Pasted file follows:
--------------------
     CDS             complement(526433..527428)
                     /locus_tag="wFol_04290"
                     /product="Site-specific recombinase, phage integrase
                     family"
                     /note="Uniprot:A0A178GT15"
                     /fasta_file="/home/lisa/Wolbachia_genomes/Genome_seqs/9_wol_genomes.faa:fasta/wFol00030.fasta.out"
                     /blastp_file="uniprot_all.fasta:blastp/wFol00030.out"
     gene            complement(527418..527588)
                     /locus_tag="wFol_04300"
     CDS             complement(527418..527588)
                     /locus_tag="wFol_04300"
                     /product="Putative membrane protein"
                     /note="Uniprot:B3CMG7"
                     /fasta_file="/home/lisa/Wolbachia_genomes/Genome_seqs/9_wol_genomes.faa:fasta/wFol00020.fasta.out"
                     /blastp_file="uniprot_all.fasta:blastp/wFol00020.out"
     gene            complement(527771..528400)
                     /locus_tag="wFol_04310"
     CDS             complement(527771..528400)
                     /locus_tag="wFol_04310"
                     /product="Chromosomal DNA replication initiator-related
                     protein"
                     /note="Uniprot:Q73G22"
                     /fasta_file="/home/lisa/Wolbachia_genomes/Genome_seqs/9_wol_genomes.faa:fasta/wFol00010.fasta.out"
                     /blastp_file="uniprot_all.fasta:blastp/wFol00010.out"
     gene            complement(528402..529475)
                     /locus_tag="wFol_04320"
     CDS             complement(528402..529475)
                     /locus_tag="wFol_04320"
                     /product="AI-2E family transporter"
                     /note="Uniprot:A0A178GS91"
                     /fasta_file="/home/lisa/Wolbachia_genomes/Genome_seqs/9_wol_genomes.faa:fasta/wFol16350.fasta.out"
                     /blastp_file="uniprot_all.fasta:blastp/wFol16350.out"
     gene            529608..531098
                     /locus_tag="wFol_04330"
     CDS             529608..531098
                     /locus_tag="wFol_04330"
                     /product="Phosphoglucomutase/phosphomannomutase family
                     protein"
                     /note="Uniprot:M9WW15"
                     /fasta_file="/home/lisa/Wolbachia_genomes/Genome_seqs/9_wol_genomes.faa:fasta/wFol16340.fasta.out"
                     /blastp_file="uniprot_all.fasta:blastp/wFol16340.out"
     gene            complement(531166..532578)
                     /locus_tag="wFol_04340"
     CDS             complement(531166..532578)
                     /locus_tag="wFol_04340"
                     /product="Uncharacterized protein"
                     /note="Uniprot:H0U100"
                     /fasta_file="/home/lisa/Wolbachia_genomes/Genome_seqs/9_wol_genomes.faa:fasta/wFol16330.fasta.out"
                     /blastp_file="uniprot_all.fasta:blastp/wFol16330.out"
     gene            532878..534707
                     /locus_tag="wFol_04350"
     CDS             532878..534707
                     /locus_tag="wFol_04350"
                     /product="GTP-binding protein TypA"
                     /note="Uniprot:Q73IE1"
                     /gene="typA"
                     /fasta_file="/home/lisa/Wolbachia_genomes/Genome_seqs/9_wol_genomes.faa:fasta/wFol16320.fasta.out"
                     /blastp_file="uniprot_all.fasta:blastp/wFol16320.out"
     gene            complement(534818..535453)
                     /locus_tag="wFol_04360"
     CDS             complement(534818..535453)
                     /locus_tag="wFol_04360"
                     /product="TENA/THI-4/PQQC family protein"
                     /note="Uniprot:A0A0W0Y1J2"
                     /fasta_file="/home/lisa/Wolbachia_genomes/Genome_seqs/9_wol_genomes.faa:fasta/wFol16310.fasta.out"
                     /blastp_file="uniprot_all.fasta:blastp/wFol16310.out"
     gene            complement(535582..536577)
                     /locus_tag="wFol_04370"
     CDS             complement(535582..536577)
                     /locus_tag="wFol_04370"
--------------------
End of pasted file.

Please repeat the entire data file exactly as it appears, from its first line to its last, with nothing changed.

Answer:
     CDS             complement(526433..527428)
                     /locus_tag="wFol_04290"
                     /product="Site-specific recombinase, phage integrase
                     family"
                     /note="Uniprot:A0A178GT15"
                     /fasta_file="/home/lisa/Wolbachia_genomes/Genome_seqs/9_wol_genomes.faa:fasta/wFol00030.fasta.out"
                     /blastp_file="uniprot_all.fasta:blastp/wFol00030.out"
     gene            complement(527418..527588)
                     /locus_tag="wFol_04300"
     CDS             complement(527418..527588)
                     /locus_tag="wFol_04300"
                     /product="Putative membrane protein"
                     /note="Uniprot:B3CMG7"
                     /fasta_file="/home/lisa/Wolbachia_genomes/Genome_seqs/9_wol_genomes.faa:fasta/wFol00020.fasta.out"
                     /blastp_file="uniprot_all.fasta:blastp/wFol00020.out"
     gene            complement(527771..528400)
                     /locus_tag="wFol_04310"
     CDS             complement(527771..528400)
                     /locus_tag="wFol_04310"
                     /product="Chromosomal DNA replication initiator-related
                     protein"
                     /note="Uniprot:Q73G22"
                     /fasta_file="/home/lisa/Wolbachia_genomes/Genome_seqs/9_wol_genomes.faa:fasta/wFol00010.fasta.out"
                     /blastp_file="uniprot_all.fasta:blastp/wFol00010.out"
     gene            complement(528402..529475)
                     /locus_tag="wFol_04320"
     CDS             complement(528402..529475)
                     /locus_tag="wFol_04320"
                     /product="AI-2E family transporter"
                     /note="Uniprot:A0A178GS91"
                     /fasta_file="/home/lisa/Wolbachia_genomes/Genome_seqs/9_wol_genomes.faa:fasta/wFol16350.fasta.out"
                     /blastp_file="uniprot_all.fasta:blastp/wFol16350.out"
     gene            529608..531098
                     /locus_tag="wFol_04330"
     CDS             529608..531098
                     /locus_tag="wFol_04330"
                     /product="Phosphoglucomutase/phosphomannomutase family
                     protein"
                     /note="Uniprot:M9WW15"
                     /fasta_file="/home/lisa/Wolbachia_genomes/Genome_seqs/9_wol_genomes.faa:fasta/wFol16340.fasta.out"
                     /blastp_file="uniprot_all.fasta:blastp/wFol16340.out"
     gene            complement(531166..532578)
                     /locus_tag="wFol_04340"
     CDS             complement(531166..532578)
                     /locus_tag="wFol_04340"
                     /product="Uncharacterized protein"
                     /note="Uniprot:H0U100"
                     /fasta_file="/home/lisa/Wolbachia_genomes/Genome_seqs/9_wol_genomes.faa:fasta/wFol16330.fasta.out"
                     /blastp_file="uniprot_all.fasta:blastp/wFol16330.out"
     gene            532878..534707
                     /locus_tag="wFol_04350"
     CDS             532878..534707
                     /locus_tag="wFol_04350"
                     /product="GTP-binding protein TypA"
                     /note="Uniprot:Q73IE1"
                     /gene="typA"
                     /fasta_file="/home/lisa/Wolbachia_genomes/Genome_seqs/9_wol_genomes.faa:fasta/wFol16320.fasta.out"
                     /blastp_file="uniprot_all.fasta:blastp/wFol16320.out"
     gene            complement(534818..535453)
                     /locus_tag="wFol_04360"
     CDS             complement(534818..535453)
                     /locus_tag="wFol_04360"
                     /product="TENA/THI-4/PQQC family protein"
                     /note="Uniprot:A0A0W0Y1J2"
                     /fasta_file="/home/lisa/Wolbachia_genomes/Genome_seqs/9_wol_genomes.faa:fasta/wFol16310.fasta.out"
                     /blastp_file="uniprot_all.fasta:blastp/wFol16310.out"
     gene            complement(535582..536577)
                     /locus_tag="wFol_04370"
     CDS             complement(535582..536577)
                     /locus_tag="wFol_04370"